I bet everyone has heard both of these terms before especially in reference to a clock. Clocks that have hands on them are analog, and the clock on your phone or other electronic device is a digital clock. But what is the difference between both of those terms?
I'll start with digital. I bet when you hear the word digital, you automatically think computers, and that assumption is good. Computers think in a digital manner, that is to say they use binary. Now, in binary coding, you either have a 0 or 1. Or you could say on and off. In either case, there is no in between, it is either there or it isn't. This is the basic principle of digital data
Analog, on the other hand, has a middle ground. Think of analog as a number line. That number line has an uncountable infinity of numbers on it. For every number you have, you can always go smaller, and you can always move the decimal point to the left. That is the principle of analog data. Another example is life. We live in an analog world. Colors, for example, fade into one another in nature and it's very hard to draw a line between which is which.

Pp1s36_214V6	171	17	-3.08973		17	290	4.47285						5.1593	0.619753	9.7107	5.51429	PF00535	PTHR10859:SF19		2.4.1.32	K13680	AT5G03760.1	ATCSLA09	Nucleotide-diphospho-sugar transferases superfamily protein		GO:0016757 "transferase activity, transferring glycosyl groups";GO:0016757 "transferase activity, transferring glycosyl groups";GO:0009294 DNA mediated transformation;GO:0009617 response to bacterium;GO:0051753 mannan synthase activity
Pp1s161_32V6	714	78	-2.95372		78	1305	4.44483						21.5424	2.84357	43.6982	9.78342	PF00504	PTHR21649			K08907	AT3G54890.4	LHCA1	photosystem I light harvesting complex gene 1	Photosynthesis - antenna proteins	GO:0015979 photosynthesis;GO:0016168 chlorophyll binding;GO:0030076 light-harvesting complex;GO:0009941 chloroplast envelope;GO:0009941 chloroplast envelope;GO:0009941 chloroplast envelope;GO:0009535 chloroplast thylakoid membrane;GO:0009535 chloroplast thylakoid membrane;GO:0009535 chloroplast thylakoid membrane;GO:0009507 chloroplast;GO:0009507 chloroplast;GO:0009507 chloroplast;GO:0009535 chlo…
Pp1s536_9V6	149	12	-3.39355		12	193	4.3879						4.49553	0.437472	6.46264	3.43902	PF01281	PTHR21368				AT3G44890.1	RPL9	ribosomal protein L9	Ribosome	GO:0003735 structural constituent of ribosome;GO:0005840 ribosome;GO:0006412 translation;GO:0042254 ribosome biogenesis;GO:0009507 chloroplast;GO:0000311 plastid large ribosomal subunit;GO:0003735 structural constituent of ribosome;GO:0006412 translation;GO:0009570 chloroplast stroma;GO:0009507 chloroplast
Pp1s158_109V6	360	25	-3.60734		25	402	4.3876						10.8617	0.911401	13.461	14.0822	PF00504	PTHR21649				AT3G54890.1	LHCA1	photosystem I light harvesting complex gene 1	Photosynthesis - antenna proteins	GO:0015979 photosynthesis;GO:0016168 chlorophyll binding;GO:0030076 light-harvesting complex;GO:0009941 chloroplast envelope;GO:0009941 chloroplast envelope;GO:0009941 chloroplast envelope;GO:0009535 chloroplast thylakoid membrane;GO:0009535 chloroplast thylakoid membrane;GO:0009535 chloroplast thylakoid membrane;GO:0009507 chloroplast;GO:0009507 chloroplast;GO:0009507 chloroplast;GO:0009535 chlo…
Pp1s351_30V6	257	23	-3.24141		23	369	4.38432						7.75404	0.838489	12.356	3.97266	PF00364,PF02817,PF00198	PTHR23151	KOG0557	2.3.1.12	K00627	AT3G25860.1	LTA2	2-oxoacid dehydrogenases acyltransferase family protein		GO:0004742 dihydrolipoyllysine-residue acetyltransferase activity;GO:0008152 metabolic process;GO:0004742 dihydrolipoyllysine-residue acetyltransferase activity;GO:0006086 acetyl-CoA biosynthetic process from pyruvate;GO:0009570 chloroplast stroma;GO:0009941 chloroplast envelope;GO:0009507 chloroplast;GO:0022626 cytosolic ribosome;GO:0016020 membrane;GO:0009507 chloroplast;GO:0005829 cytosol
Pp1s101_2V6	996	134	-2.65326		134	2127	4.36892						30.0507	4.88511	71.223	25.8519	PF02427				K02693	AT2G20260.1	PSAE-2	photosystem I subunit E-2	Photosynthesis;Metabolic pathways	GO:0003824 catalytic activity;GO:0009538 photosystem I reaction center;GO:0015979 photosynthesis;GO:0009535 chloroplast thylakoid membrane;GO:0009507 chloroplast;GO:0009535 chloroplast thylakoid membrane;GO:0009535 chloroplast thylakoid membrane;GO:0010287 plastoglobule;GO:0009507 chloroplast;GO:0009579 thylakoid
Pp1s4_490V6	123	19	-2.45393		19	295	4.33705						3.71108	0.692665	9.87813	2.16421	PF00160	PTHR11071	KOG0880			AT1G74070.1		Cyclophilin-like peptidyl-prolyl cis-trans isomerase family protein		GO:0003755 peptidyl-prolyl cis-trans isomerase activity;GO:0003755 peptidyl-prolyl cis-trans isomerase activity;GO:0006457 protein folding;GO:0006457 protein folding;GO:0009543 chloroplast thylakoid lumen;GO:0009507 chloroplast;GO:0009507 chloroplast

With all this being said, both data types have their uses.
Have you ever heard of morse code? That is an example of a digital communication method. You either have a dot or a dash, and that difference is what allows you to decipher the meaning of the code. This is a surefire way to make sure the recipient of the code knows exactly what you are saying. However, one drawback, is that this a slow way to communicate.
Face-to-face human interaction is an example of an analog communication method. A person's words can be independent of what that person is feeling. You have to take into account body language, and tone changes in the person's voice, and much more. This is a fast way to get across a lot of information but a lot of information may be misinterpreted.
Each data type has their pros and cons, but they are both very useful tools in technology and communication.